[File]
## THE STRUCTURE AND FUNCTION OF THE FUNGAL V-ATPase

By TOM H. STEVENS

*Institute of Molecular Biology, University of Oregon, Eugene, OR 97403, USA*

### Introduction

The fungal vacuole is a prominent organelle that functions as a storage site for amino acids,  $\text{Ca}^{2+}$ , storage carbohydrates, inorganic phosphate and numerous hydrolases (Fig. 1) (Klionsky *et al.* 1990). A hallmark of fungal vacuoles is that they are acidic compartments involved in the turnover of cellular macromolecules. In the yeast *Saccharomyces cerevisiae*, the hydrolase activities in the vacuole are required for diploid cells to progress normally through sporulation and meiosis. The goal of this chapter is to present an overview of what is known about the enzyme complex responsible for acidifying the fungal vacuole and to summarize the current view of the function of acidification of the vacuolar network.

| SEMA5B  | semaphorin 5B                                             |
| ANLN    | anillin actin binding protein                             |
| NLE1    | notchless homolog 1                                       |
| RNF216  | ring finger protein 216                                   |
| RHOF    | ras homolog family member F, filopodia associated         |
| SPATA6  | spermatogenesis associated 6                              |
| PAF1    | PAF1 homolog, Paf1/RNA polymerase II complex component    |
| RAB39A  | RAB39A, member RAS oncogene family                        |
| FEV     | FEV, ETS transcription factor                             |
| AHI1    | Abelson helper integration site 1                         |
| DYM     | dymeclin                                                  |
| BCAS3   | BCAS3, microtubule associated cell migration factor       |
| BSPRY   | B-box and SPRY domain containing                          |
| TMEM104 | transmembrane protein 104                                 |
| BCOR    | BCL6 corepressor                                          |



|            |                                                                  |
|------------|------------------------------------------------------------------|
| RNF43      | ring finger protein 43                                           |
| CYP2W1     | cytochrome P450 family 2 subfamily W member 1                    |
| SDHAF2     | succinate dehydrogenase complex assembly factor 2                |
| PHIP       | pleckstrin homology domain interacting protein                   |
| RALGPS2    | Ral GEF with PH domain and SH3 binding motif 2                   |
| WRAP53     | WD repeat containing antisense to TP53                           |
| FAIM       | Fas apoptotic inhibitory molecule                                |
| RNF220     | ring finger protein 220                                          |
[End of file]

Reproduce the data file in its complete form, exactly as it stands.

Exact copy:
## THE STRUCTURE AND FUNCTION OF THE FUNGAL V-ATPase

By TOM H. STEVENS

*Institute of Molecular Biology, University of Oregon, Eugene, OR 97403, USA*

### Introduction

The fungal vacuole is a prominent organelle that functions as a storage site for amino acids,  $\text{Ca}^{2+}$ , storage carbohydrates, inorganic phosphate and numerous hydrolases (Fig. 1) (Klionsky *et al.* 1990). A hallmark of fungal vacuoles is that they are acidic compartments involved in the turnover of cellular macromolecules. In the yeast *Saccharomyces cerevisiae*, the hydrolase activities in the vacuole are required for diploid cells to progress normally through sporulation and meiosis. The goal of this chapter is to present an overview of what is known about the enzyme complex responsible for acidifying the fungal vacuole and to summarize the current view of the function of acidification of the vacuolar network.

| SEMA5B  | semaphorin 5B                                             |
| ANLN    | anillin actin binding protein                             |
| NLE1    | notchless homolog 1                                       |
| RNF216  | ring finger protein 216                                   |
| RHOF    | ras homolog family member F, filopodia associated         |
| SPATA6  | spermatogenesis associated 6                              |
| PAF1    | PAF1 homolog, Paf1/RNA polymerase II complex component    |
| RAB39A  | RAB39A, member RAS oncogene family                        |
| FEV     | FEV, ETS transcription factor                             |
| AHI1    | Abelson helper integration site 1                         |
| DYM     | dymeclin                                                  |
| BCAS3   | BCAS3, microtubule associated cell migration factor       |
| BSPRY   | B-box and SPRY domain containing                          |
| TMEM104 | transmembrane protein 104                                 |
| BCOR    | BCL6 corepressor                                          |



|            |                                                                  |
|------------|------------------------------------------------------------------|
| RNF43      | ring finger protein 43                                           |
| CYP2W1     | cytochrome P450 family 2 subfamily W member 1                    |
| SDHAF2     | succinate dehydrogenase complex assembly factor 2                |
| PHIP       | pleckstrin homology domain interacting protein                   |
| RALGPS2    | Ral GEF with PH domain and SH3 binding motif 2                   |
| WRAP53     | WD repeat containing antisense to TP53                           |
| FAIM       | Fas apoptotic inhibitory molecule                                |
| RNF220     | ring finger protein 220                                          |